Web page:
You don’t have to think about the past or the future; you’re fully in the moment, focusing on relaxing your breathing and staying calm.

“Our biggest demographic is women between the ages of forty and fifty,” says Cat, “although I think our oldest swimmer is around eighty. But we really believe that the water is for absolutely everybody. We have people who come to train for long-distance events, but also young club swimmers too. A lot of these people have always been pool swimmers but they’ve been converted during lockdown. It makes a change from just following a black line along the bottom of the pool – there might be a goose flying over your head, or sometimes the water is choppy and waves splash in your face.”

And Cat was right – this is a world away from my usual lane in Victoria Leisure Centre, yet it’s only fifteen minutes down the road. Though the prickling in my toes persisted, so do I  – and I find myself sinking lower into the depths as I take a moment to admire the setting. Surrounded by hundreds of trees, including a lovely willow that forms a secret nook in the water, the spot feels secluded and peaceful. After some cheerleading from Wales, who is patrolling the pool in a kayak, I finally lift my feet off the floor and set off from shore.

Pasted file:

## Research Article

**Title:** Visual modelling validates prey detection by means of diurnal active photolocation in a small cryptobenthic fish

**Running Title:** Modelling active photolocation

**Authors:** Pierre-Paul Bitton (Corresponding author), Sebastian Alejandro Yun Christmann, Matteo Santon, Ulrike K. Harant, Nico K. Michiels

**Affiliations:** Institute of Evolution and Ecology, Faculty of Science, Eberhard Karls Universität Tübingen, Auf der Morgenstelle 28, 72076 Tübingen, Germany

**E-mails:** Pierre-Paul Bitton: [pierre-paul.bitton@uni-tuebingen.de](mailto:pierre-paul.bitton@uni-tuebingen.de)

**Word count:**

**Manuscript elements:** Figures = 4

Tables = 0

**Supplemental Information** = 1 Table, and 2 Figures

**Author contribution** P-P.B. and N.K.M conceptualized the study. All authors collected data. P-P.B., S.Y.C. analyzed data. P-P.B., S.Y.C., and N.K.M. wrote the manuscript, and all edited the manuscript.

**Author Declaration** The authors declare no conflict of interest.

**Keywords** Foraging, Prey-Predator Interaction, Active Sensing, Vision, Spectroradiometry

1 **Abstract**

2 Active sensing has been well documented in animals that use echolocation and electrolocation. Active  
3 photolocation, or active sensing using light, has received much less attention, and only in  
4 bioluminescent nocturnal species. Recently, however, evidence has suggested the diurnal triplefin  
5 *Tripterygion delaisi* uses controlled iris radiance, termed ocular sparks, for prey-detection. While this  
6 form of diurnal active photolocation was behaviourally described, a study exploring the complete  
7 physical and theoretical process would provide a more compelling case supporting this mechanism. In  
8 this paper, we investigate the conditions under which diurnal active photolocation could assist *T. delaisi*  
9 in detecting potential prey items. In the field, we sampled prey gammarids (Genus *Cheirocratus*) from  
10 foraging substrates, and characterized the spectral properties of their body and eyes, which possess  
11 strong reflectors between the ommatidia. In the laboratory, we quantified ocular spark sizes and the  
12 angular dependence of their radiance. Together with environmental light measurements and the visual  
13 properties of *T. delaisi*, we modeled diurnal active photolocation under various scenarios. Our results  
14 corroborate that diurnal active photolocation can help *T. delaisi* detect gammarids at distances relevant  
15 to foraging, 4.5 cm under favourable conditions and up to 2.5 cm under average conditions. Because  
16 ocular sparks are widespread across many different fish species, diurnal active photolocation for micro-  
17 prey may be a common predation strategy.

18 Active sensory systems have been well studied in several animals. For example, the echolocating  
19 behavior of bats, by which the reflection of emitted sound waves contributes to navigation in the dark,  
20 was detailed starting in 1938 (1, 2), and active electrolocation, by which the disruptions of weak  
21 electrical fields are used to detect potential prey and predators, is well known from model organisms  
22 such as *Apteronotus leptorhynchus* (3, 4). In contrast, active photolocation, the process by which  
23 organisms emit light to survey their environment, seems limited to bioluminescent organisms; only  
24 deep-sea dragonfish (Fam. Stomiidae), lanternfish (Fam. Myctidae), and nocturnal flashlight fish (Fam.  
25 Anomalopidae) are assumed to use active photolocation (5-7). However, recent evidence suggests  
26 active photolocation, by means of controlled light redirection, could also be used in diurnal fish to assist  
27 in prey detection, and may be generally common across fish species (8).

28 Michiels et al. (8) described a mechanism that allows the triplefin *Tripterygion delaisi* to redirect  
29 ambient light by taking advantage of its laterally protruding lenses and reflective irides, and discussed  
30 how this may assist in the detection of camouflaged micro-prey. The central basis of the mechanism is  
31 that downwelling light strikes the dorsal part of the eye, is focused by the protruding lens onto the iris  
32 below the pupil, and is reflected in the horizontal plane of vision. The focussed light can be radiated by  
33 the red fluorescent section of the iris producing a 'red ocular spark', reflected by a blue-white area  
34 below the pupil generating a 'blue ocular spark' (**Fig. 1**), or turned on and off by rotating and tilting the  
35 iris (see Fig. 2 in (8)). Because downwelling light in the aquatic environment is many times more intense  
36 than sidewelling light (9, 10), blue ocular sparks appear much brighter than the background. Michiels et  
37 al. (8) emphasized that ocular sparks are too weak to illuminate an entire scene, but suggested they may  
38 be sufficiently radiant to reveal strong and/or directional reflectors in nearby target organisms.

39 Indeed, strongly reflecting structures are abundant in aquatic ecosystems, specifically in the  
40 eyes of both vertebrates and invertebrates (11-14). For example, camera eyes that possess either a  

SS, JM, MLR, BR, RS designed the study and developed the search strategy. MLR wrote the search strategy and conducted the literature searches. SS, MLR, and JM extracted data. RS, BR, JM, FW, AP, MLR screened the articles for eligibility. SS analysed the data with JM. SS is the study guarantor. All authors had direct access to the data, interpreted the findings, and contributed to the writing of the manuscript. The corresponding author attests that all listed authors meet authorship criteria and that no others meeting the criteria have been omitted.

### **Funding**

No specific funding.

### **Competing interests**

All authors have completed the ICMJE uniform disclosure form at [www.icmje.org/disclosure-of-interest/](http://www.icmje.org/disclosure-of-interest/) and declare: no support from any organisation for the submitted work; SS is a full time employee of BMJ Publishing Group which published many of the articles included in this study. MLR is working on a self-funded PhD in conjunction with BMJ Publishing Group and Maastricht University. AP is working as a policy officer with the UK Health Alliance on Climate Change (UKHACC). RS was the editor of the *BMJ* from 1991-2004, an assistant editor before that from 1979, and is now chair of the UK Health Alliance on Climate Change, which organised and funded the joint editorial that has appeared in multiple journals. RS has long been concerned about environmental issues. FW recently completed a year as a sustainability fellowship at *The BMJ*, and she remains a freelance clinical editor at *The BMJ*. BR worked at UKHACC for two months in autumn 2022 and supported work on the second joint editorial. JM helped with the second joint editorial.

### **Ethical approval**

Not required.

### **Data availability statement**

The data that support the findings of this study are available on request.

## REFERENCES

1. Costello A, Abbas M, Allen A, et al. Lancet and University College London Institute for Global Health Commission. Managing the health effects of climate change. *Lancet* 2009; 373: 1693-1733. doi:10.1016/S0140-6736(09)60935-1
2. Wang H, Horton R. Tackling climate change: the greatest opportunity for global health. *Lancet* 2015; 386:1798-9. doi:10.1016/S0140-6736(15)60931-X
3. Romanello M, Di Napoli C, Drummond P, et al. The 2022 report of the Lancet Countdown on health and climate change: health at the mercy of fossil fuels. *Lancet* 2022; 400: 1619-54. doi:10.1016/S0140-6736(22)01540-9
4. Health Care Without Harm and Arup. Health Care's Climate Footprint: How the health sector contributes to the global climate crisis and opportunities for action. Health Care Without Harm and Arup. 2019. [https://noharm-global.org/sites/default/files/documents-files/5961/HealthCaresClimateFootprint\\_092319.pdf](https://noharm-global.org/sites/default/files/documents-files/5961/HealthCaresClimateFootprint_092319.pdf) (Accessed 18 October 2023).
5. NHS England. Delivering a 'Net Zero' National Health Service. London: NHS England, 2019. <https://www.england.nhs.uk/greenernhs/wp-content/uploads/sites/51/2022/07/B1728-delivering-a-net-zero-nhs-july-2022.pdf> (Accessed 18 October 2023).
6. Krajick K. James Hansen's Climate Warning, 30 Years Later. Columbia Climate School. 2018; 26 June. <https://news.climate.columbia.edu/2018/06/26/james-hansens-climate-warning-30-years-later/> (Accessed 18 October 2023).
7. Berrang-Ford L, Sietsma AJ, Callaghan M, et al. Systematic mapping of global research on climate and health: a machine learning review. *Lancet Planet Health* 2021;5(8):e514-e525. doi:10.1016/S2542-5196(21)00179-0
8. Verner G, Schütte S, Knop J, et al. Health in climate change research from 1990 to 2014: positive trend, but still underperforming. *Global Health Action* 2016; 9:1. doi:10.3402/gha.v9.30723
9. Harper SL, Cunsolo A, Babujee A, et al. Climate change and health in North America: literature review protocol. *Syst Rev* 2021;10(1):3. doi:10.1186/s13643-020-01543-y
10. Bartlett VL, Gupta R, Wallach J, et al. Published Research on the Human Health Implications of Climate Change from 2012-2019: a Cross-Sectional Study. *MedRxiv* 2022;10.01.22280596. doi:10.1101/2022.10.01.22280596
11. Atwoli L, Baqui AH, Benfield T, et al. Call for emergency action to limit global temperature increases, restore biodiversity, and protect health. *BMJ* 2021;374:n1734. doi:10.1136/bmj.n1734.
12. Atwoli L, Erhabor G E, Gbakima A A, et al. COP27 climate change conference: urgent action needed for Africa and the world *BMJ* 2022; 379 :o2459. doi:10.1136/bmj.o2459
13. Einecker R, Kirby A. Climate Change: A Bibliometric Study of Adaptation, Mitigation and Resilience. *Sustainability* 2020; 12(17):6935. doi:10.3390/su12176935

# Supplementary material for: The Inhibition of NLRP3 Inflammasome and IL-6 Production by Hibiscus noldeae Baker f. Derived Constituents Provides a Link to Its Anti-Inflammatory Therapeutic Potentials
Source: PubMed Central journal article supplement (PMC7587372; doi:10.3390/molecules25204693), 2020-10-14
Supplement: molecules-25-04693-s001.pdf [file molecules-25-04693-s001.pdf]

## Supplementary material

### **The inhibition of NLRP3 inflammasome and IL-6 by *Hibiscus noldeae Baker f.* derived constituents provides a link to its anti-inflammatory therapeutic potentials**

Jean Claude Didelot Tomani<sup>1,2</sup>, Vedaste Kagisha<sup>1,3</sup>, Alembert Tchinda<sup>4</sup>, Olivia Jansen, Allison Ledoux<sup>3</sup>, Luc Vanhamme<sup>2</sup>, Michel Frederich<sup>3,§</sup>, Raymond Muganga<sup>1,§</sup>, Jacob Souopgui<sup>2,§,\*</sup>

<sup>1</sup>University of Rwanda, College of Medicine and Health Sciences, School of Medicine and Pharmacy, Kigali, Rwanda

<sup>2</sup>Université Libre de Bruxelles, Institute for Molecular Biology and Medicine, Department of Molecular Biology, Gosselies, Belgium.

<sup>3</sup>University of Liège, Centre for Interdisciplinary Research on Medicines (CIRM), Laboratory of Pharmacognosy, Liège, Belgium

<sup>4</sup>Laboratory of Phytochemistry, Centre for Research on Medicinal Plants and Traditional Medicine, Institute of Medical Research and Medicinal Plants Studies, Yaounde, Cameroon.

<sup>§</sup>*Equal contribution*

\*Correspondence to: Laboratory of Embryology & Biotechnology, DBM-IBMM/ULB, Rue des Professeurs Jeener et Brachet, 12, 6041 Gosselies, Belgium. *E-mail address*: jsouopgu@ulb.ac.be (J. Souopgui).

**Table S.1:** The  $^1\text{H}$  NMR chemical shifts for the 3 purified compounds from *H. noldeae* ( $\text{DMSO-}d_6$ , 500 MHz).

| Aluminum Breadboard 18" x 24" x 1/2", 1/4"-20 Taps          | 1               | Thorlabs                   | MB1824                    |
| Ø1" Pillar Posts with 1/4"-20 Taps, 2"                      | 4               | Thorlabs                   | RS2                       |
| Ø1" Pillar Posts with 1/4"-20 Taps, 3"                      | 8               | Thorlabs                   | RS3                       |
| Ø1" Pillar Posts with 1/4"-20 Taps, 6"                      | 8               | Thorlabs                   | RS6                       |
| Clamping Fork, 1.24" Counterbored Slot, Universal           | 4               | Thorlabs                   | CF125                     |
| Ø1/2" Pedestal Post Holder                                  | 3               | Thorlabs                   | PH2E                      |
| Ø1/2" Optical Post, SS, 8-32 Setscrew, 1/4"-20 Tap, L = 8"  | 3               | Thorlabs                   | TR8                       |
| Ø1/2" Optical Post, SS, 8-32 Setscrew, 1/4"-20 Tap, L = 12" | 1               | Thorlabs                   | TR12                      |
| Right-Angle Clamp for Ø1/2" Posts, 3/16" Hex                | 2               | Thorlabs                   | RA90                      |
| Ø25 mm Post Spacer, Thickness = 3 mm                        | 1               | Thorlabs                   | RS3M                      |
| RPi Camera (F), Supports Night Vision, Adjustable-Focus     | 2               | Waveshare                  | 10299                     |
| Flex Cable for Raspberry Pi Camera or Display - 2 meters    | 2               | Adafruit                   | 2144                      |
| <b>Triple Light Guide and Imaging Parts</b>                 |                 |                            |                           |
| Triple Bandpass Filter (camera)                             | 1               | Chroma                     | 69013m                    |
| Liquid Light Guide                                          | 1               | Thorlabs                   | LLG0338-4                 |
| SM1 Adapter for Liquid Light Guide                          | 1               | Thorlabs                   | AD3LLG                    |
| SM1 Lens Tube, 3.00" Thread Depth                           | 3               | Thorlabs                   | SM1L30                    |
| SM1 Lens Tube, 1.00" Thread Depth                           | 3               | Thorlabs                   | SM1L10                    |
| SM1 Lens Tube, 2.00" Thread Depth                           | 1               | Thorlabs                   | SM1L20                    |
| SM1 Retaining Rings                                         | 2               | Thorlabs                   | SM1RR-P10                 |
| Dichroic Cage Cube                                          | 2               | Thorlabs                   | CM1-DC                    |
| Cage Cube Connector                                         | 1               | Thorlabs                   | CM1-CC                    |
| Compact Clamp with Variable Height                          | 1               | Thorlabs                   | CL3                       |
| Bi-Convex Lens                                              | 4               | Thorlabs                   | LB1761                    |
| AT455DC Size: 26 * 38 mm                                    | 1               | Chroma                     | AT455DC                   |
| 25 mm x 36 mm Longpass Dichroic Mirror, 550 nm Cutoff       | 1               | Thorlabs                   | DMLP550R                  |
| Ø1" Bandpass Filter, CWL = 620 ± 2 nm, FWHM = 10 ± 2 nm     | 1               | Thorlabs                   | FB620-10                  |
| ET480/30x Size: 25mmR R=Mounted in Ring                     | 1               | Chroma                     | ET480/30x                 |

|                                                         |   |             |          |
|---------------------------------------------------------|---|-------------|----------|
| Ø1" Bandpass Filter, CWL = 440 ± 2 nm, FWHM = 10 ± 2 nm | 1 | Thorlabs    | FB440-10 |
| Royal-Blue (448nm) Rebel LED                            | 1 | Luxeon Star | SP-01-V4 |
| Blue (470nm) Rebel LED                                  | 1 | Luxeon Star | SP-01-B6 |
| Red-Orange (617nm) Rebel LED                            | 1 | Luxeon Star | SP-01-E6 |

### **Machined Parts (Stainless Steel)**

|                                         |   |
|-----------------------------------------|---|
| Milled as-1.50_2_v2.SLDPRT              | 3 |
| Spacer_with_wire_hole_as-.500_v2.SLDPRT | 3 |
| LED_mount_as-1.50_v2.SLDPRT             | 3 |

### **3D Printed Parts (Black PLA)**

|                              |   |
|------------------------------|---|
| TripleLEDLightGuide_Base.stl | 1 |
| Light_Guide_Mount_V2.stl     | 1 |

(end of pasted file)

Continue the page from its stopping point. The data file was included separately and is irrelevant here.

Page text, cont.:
The physical benefits alone are enough to get me going. NASA studies have proved that, over a twelve-week period, repeated cold-water swimming leads to lower blood pressure and cholesterol, a slimmed chance of blood clotting, and an increase in testosterone/oestrogen – collectively known as ‘cold adaptation’. Whole Health’s members even include long-COVID sufferers, who take part in the hopes it will shake up their immune systems.

But their most popular session by far is the one I’m attending: the Mindfulness Dip. Everything I’d read about the effects of wild swimming on poor mental health was echoed by the swimmers around me, each raving about its ability to turn down the noise of your thoughts and centre your attention on your breathing and your body. The shock of the cold really gives you no choice. Cat agrees: “It’s just really exhilarating, and the resilience it leaves you with just lifts your mood up,” she says. “You don’t have to think about the past or the future; you’re fully in the moment, focusing on relaxing your breathing and staying calm. You feel everything so intensely in the water, and that’s what makes it such a mindful activity.”